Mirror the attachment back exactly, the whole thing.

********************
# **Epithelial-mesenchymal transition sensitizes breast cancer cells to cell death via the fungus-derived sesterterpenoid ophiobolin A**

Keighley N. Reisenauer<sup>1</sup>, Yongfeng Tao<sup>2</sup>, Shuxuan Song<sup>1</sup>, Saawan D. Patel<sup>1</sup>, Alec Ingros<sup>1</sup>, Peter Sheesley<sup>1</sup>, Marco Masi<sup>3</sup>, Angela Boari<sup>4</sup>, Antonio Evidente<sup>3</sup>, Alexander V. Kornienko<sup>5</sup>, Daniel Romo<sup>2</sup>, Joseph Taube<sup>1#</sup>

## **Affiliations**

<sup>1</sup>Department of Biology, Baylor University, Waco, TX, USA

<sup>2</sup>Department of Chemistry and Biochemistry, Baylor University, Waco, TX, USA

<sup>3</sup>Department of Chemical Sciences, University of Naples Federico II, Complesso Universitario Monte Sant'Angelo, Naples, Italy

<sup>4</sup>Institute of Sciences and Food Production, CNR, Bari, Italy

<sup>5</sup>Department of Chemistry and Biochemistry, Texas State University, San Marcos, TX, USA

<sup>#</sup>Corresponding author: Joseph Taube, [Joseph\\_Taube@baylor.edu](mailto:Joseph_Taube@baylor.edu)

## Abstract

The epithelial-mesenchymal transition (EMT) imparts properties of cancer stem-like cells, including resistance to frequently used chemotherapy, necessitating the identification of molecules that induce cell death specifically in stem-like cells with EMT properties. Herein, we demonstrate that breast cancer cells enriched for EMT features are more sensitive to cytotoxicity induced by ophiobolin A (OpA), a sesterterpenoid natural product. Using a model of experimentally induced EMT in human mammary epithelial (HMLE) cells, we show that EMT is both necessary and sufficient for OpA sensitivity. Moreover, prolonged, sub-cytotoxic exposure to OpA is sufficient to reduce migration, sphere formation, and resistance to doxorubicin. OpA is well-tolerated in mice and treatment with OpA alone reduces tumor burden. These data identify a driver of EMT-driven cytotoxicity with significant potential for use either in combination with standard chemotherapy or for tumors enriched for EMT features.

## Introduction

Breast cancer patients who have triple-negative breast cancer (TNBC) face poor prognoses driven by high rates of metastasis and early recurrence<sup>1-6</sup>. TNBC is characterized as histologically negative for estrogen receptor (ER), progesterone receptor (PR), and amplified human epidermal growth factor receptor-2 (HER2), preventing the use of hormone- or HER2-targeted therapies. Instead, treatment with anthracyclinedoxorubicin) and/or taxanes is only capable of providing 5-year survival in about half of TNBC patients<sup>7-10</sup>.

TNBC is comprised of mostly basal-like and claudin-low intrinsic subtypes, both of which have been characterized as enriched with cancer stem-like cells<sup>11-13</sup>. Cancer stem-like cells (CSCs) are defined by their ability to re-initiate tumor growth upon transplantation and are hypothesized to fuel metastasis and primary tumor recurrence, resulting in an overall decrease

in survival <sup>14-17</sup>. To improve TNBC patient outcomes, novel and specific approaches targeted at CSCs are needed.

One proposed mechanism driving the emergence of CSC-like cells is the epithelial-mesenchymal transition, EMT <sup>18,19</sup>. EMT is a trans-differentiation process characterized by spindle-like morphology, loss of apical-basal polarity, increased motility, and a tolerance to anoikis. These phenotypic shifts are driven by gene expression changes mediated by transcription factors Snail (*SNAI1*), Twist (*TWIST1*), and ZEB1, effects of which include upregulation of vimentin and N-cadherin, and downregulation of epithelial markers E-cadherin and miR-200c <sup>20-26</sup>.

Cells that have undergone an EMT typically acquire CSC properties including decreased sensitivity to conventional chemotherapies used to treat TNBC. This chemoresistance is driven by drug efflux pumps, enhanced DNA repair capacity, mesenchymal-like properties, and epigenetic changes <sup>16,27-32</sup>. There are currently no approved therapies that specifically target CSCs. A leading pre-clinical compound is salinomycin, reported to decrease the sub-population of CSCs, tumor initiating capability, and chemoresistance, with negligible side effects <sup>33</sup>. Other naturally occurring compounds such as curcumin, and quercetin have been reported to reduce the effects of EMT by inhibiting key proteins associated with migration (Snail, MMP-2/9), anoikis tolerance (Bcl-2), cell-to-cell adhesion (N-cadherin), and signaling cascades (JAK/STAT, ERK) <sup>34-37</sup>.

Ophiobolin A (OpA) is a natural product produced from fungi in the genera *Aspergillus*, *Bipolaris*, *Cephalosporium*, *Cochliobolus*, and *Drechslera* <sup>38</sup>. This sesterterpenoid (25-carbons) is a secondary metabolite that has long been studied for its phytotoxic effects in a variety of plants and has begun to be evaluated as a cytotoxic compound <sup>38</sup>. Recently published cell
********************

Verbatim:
# **Epithelial-mesenchymal transition sensitizes breast cancer cells to cell death via the fungus-derived sesterterpenoid ophiobolin A**

Keighley N. Reisenauer<sup>1</sup>, Yongfeng Tao<sup>2</sup>, Shuxuan Song<sup>1</sup>, Saawan D. Patel<sup>1</sup>, Alec Ingros<sup>1</sup>, Peter Sheesley<sup>1</sup>, Marco Masi<sup>3</sup>, Angela Boari<sup>4</sup>, Antonio Evidente<sup>3</sup>, Alexander V. Kornienko<sup>5</sup>, Daniel Romo<sup>2</sup>, Joseph Taube<sup>1#</sup>

## **Affiliations**

<sup>1</sup>Department of Biology, Baylor University, Waco, TX, USA

<sup>2</sup>Department of Chemistry and Biochemistry, Baylor University, Waco, TX, USA

<sup>3</sup>Department of Chemical Sciences, University of Naples Federico II, Complesso Universitario Monte Sant'Angelo, Naples, Italy

<sup>4</sup>Institute of Sciences and Food Production, CNR, Bari, Italy

<sup>5</sup>Department of Chemistry and Biochemistry, Texas State University, San Marcos, TX, USA

<sup>#</sup>Corresponding author: Joseph Taube, [Joseph\\_Taube@baylor.edu](mailto:Joseph_Taube@baylor.edu)

## Abstract

The epithelial-mesenchymal transition (EMT) imparts properties of cancer stem-like cells, including resistance to frequently used chemotherapy, necessitating the identification of molecules that induce cell death specifically in stem-like cells with EMT properties. Herein, we demonstrate that breast cancer cells enriched for EMT features are more sensitive to cytotoxicity induced by ophiobolin A (OpA), a sesterterpenoid natural product. Using a model of experimentally induced EMT in human mammary epithelial (HMLE) cells, we show that EMT is both necessary and sufficient for OpA sensitivity. Moreover, prolonged, sub-cytotoxic exposure to OpA is sufficient to reduce migration, sphere formation, and resistance to doxorubicin. OpA is well-tolerated in mice and treatment with OpA alone reduces tumor burden. These data identify a driver of EMT-driven cytotoxicity with significant potential for use either in combination with standard chemotherapy or for tumors enriched for EMT features.

## Introduction

Breast cancer patients who have triple-negative breast cancer (TNBC) face poor prognoses driven by high rates of metastasis and early recurrence<sup>1-6</sup>. TNBC is characterized as histologically negative for estrogen receptor (ER), progesterone receptor (PR), and amplified human epidermal growth factor receptor-2 (HER2), preventing the use of hormone- or HER2-targeted therapies. Instead, treatment with anthracyclinedoxorubicin) and/or taxanes is only capable of providing 5-year survival in about half of TNBC patients<sup>7-10</sup>.

TNBC is comprised of mostly basal-like and claudin-low intrinsic subtypes, both of which have been characterized as enriched with cancer stem-like cells<sup>11-13</sup>. Cancer stem-like cells (CSCs) are defined by their ability to re-initiate tumor growth upon transplantation and are hypothesized to fuel metastasis and primary tumor recurrence, resulting in an overall decrease

in survival <sup>14-17</sup>. To improve TNBC patient outcomes, novel and specific approaches targeted at CSCs are needed.

One proposed mechanism driving the emergence of CSC-like cells is the epithelial-mesenchymal transition, EMT <sup>18,19</sup>. EMT is a trans-differentiation process characterized by spindle-like morphology, loss of apical-basal polarity, increased motility, and a tolerance to anoikis. These phenotypic shifts are driven by gene expression changes mediated by transcription factors Snail (*SNAI1*), Twist (*TWIST1*), and ZEB1, effects of which include upregulation of vimentin and N-cadherin, and downregulation of epithelial markers E-cadherin and miR-200c <sup>20-26</sup>.

Cells that have undergone an EMT typically acquire CSC properties including decreased sensitivity to conventional chemotherapies used to treat TNBC. This chemoresistance is driven by drug efflux pumps, enhanced DNA repair capacity, mesenchymal-like properties, and epigenetic changes <sup>16,27-32</sup>. There are currently no approved therapies that specifically target CSCs. A leading pre-clinical compound is salinomycin, reported to decrease the sub-population of CSCs, tumor initiating capability, and chemoresistance, with negligible side effects <sup>33</sup>. Other naturally occurring compounds such as curcumin, and quercetin have been reported to reduce the effects of EMT by inhibiting key proteins associated with migration (Snail, MMP-2/9), anoikis tolerance (Bcl-2), cell-to-cell adhesion (N-cadherin), and signaling cascades (JAK/STAT, ERK) <sup>34-37</sup>.

Ophiobolin A (OpA) is a natural product produced from fungi in the genera *Aspergillus*, *Bipolaris*, *Cephalosporium*, *Cochliobolus*, and *Drechslera* <sup>38</sup>. This sesterterpenoid (25-carbons) is a secondary metabolite that has long been studied for its phytotoxic effects in a variety of plants and has begun to be evaluated as a cytotoxic compound <sup>38</sup>. Recently published cell